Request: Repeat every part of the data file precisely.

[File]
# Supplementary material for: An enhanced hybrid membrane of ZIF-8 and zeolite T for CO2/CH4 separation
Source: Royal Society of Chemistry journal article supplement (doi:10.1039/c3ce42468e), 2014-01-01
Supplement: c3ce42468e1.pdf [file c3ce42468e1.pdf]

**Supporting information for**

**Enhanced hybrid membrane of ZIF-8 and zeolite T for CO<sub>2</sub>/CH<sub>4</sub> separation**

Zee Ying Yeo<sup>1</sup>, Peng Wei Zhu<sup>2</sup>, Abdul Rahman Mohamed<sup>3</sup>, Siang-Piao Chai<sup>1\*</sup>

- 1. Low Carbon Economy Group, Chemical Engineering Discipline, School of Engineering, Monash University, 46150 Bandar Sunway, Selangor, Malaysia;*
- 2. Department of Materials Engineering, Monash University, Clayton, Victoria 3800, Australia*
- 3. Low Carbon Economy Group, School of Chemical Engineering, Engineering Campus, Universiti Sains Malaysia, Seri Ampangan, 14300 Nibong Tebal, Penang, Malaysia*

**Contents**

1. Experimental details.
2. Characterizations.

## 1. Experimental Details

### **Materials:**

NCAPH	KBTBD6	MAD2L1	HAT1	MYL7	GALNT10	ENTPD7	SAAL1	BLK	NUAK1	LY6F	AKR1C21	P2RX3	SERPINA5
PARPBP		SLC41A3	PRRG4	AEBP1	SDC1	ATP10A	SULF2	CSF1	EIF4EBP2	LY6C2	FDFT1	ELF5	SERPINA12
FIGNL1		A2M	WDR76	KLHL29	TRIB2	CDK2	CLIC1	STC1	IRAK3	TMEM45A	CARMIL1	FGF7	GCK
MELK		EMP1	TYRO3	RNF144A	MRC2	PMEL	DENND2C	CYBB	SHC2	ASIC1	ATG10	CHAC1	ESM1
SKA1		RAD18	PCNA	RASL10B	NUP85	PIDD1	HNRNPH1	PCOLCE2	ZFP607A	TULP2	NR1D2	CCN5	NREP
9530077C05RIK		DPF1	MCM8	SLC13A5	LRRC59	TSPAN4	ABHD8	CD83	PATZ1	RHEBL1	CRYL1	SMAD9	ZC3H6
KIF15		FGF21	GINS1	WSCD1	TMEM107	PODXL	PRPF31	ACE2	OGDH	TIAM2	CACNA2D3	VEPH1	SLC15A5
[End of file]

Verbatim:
# Supplementary material for: An enhanced hybrid membrane of ZIF-8 and zeolite T for CO2/CH4 separation
Source: Royal Society of Chemistry journal article supplement (doi:10.1039/c3ce42468e), 2014-01-01
Supplement: c3ce42468e1.pdf [file c3ce42468e1.pdf]

**Supporting information for**

**Enhanced hybrid membrane of ZIF-8 and zeolite T for CO<sub>2</sub>/CH<sub>4</sub> separation**

Zee Ying Yeo<sup>1</sup>, Peng Wei Zhu<sup>2</sup>, Abdul Rahman Mohamed<sup>3</sup>, Siang-Piao Chai<sup>1\*</sup>

- 1. Low Carbon Economy Group, Chemical Engineering Discipline, School of Engineering, Monash University, 46150 Bandar Sunway, Selangor, Malaysia;*
- 2. Department of Materials Engineering, Monash University, Clayton, Victoria 3800, Australia*
- 3. Low Carbon Economy Group, School of Chemical Engineering, Engineering Campus, Universiti Sains Malaysia, Seri Ampangan, 14300 Nibong Tebal, Penang, Malaysia*

**Contents**

1. Experimental details.
2. Characterizations.

## 1. Experimental Details

### **Materials:**

NCAPH	KBTBD6	MAD2L1	HAT1	MYL7	GALNT10	ENTPD7	SAAL1	BLK	NUAK1	LY6F	AKR1C21	P2RX3	SERPINA5
PARPBP		SLC41A3	PRRG4	AEBP1	SDC1	ATP10A	SULF2	CSF1	EIF4EBP2	LY6C2	FDFT1	ELF5	SERPINA12
FIGNL1		A2M	WDR76	KLHL29	TRIB2	CDK2	CLIC1	STC1	IRAK3	TMEM45A	CARMIL1	FGF7	GCK
MELK		EMP1	TYRO3	RNF144A	MRC2	PMEL	DENND2C	CYBB	SHC2	ASIC1	ATG10	CHAC1	ESM1
SKA1		RAD18	PCNA	RASL10B	NUP85	PIDD1	HNRNPH1	PCOLCE2	ZFP607A	TULP2	NR1D2	CCN5	NREP
9530077C05RIK		DPF1	MCM8	SLC13A5	LRRC59	TSPAN4	ABHD8	CD83	PATZ1	RHEBL1	CRYL1	SMAD9	ZC3H6
KIF15		FGF21	GINS1	WSCD1	TMEM107	PODXL	PRPF31	ACE2	OGDH	TIAM2	CACNA2D3	VEPH1	SLC15A5